Papal Intervention In England in the Thirteenth Century
Mendell, Freeman (University of Houston)
M.A. Thesis,University of Houston (1992)
As Western Europe was entering the thirteenth century, a very strong willed, opinionated, driven, devout, narrowly focused individual had just assumed the papal throne. Innocent III did not bring many new ideas to the papacy, but he did bring an ability to translate ideas and philosophies written about by popes and canonists that had preceded him into coherent Church policy and law. He began to implement these policies and attempted to mold the countries of Western Europe into fiefdoms of the Church, with the pope as their liege lord.
The European monarch who became the primary target of this attempt at papal domination was King John of England. John came to power the year following Innocent III and died three months after Innocent. These two men fought a titanic struggle over papal prerogatives and the rights of kingship as it relates to the Church. This conflict established a legacy that led the Church into a role it was not ready to fulfill.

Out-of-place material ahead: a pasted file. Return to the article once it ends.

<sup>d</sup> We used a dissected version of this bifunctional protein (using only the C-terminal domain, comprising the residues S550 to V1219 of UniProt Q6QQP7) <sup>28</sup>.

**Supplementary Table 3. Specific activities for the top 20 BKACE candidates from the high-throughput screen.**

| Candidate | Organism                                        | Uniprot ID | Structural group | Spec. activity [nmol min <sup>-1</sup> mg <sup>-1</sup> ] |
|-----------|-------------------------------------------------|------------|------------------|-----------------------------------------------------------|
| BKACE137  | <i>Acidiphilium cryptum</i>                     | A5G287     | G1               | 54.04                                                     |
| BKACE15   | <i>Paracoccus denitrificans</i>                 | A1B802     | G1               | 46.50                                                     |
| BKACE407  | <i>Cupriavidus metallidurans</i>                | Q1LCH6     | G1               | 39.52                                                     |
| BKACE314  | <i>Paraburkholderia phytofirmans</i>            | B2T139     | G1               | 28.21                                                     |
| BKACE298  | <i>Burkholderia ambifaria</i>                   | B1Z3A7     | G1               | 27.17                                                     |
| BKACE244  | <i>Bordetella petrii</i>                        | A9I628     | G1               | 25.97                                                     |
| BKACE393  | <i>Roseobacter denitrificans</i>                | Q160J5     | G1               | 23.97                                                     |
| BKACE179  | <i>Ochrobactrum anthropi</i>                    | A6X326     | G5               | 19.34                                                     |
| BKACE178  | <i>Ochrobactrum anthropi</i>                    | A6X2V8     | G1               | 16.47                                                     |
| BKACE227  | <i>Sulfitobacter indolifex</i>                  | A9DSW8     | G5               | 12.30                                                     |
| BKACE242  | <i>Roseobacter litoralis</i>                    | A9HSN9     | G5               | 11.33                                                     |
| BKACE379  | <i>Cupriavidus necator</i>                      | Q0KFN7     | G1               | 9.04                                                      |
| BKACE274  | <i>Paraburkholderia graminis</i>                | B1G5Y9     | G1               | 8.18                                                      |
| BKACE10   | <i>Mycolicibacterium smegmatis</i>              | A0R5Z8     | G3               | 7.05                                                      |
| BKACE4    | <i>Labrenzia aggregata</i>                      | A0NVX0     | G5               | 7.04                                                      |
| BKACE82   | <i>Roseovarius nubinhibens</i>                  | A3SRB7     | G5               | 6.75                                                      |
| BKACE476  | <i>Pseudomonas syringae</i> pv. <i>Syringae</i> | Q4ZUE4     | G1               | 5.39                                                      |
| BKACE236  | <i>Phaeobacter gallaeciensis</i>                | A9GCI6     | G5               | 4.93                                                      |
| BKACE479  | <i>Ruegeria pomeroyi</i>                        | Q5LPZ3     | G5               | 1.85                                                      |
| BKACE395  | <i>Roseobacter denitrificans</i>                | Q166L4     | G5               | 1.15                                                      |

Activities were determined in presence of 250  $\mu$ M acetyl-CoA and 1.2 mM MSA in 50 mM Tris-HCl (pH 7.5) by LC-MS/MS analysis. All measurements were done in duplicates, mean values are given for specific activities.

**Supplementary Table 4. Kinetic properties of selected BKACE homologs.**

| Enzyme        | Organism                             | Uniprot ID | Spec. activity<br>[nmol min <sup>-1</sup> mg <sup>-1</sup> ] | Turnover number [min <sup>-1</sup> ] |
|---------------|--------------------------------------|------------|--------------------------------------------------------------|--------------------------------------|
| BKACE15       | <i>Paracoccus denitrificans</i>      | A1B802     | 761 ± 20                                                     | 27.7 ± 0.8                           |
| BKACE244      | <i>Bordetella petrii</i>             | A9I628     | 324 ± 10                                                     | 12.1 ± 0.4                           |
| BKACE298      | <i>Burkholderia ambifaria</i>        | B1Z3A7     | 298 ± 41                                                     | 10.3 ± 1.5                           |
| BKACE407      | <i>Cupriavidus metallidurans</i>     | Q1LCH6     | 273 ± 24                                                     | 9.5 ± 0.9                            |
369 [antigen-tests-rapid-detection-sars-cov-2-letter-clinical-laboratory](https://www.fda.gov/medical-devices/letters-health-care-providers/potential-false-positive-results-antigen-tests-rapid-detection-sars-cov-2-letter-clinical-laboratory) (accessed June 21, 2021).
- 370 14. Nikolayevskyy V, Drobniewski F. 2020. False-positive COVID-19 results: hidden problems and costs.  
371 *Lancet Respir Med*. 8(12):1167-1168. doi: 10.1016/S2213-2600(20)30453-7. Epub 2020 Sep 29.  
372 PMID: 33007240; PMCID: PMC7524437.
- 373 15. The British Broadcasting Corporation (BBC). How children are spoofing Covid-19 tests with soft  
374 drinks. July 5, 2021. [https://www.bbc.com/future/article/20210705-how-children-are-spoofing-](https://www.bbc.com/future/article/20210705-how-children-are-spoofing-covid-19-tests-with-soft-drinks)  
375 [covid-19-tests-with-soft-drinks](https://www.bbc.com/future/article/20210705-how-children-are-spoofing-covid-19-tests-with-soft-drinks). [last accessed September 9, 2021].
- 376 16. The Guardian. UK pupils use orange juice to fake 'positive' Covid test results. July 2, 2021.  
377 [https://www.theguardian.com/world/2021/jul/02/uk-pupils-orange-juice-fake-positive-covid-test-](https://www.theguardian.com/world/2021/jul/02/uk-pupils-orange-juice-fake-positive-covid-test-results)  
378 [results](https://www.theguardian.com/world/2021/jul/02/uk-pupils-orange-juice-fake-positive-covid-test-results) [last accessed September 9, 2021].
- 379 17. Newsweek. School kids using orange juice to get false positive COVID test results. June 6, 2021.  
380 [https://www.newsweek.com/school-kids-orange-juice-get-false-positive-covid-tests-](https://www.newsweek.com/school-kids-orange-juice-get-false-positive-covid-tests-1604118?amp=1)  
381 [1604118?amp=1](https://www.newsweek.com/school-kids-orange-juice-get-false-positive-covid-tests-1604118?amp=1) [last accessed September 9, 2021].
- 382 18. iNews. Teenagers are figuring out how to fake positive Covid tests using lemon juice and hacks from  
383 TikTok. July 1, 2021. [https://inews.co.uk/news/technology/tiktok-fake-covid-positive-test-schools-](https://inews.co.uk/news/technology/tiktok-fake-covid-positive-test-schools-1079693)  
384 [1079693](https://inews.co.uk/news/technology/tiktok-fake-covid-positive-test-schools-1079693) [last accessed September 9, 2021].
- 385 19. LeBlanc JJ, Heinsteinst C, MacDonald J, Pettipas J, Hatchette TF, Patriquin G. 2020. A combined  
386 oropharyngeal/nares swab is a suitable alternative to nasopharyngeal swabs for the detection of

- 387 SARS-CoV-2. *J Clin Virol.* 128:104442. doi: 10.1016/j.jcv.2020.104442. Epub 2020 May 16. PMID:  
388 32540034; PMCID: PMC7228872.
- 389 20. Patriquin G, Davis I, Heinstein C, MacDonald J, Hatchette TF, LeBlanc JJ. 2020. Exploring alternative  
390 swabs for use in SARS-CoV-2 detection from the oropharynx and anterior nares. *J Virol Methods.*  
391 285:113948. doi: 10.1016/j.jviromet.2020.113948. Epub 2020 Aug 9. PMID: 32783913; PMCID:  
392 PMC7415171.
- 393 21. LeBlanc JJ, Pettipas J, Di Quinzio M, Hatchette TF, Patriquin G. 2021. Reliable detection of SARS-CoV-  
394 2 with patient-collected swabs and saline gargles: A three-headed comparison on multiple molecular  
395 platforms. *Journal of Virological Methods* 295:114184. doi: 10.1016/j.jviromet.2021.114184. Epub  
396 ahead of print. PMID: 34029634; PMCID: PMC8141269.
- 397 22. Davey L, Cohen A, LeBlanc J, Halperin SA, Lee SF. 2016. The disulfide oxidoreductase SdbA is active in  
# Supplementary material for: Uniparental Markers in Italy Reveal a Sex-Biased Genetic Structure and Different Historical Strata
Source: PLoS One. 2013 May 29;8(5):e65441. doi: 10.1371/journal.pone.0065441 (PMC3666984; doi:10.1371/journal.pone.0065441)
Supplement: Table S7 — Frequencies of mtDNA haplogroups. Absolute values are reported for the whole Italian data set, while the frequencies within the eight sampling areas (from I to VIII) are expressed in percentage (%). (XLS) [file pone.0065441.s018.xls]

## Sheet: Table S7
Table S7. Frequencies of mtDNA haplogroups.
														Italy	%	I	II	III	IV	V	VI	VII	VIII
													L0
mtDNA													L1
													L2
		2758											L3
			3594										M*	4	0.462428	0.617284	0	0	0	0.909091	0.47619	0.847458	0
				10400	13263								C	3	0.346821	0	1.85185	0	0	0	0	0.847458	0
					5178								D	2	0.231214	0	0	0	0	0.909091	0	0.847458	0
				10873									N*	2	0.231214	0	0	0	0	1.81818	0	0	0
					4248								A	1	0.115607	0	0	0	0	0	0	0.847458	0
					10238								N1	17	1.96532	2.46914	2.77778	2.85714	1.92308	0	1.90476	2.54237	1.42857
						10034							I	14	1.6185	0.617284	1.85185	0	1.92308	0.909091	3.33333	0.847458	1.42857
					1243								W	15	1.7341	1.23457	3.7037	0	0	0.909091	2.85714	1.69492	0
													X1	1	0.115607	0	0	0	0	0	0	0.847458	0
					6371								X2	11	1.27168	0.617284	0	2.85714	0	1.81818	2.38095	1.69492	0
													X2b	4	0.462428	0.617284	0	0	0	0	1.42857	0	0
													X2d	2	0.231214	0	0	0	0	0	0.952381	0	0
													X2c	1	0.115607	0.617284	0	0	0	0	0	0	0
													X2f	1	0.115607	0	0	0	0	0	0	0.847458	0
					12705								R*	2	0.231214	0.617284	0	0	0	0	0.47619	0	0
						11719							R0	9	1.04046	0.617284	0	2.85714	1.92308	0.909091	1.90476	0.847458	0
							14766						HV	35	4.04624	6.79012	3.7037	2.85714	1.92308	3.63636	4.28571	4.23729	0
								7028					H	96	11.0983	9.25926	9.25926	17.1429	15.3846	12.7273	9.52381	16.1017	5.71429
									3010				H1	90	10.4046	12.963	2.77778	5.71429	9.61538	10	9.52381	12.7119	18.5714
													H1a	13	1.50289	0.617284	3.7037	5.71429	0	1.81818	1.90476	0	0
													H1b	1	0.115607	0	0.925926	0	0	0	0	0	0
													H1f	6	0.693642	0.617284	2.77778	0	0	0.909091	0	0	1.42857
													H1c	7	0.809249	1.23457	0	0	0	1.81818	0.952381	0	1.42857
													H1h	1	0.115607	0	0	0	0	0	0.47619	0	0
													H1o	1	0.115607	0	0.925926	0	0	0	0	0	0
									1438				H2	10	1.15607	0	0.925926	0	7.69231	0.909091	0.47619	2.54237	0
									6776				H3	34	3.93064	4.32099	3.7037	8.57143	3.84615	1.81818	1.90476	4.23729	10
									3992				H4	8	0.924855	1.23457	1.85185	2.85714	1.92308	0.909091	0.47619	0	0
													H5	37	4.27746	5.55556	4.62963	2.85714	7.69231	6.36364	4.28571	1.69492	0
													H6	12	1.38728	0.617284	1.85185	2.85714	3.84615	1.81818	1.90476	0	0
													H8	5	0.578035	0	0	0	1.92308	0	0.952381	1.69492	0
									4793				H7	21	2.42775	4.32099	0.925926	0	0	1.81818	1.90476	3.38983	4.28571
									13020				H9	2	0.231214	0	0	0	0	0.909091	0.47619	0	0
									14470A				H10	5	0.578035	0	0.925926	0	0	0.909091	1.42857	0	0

Introduction: As the thirteenth century began, the Catholic Church and England were reaching an impasse. The papacy was being held by men who increasingly believed that the Church should be the dominate party in the relationship between Church and state. The basic beliefs of the people and the monarchs remained the same, but the men who were governing the Church were changing. God was still the dominate force in everybody’s life. The conflict was coming over who was to speak for God and who was to be responsible for the clerical appointments in England. The new pope, Innocent III was putting forth some new ideas which were to attempt to alter the balance of power between the secular governments of Europe and the Church. King John had just stumbled into the monarchy and was very happy with the traditional relationship that the English monarchy had had with the Church since the time of Henry I. The Church was on the verge of making significant changes in the way that the ecclesiastical government was organized. This battle became particularly intense during the early part of the thirteenth century due to the personalities of the central figures.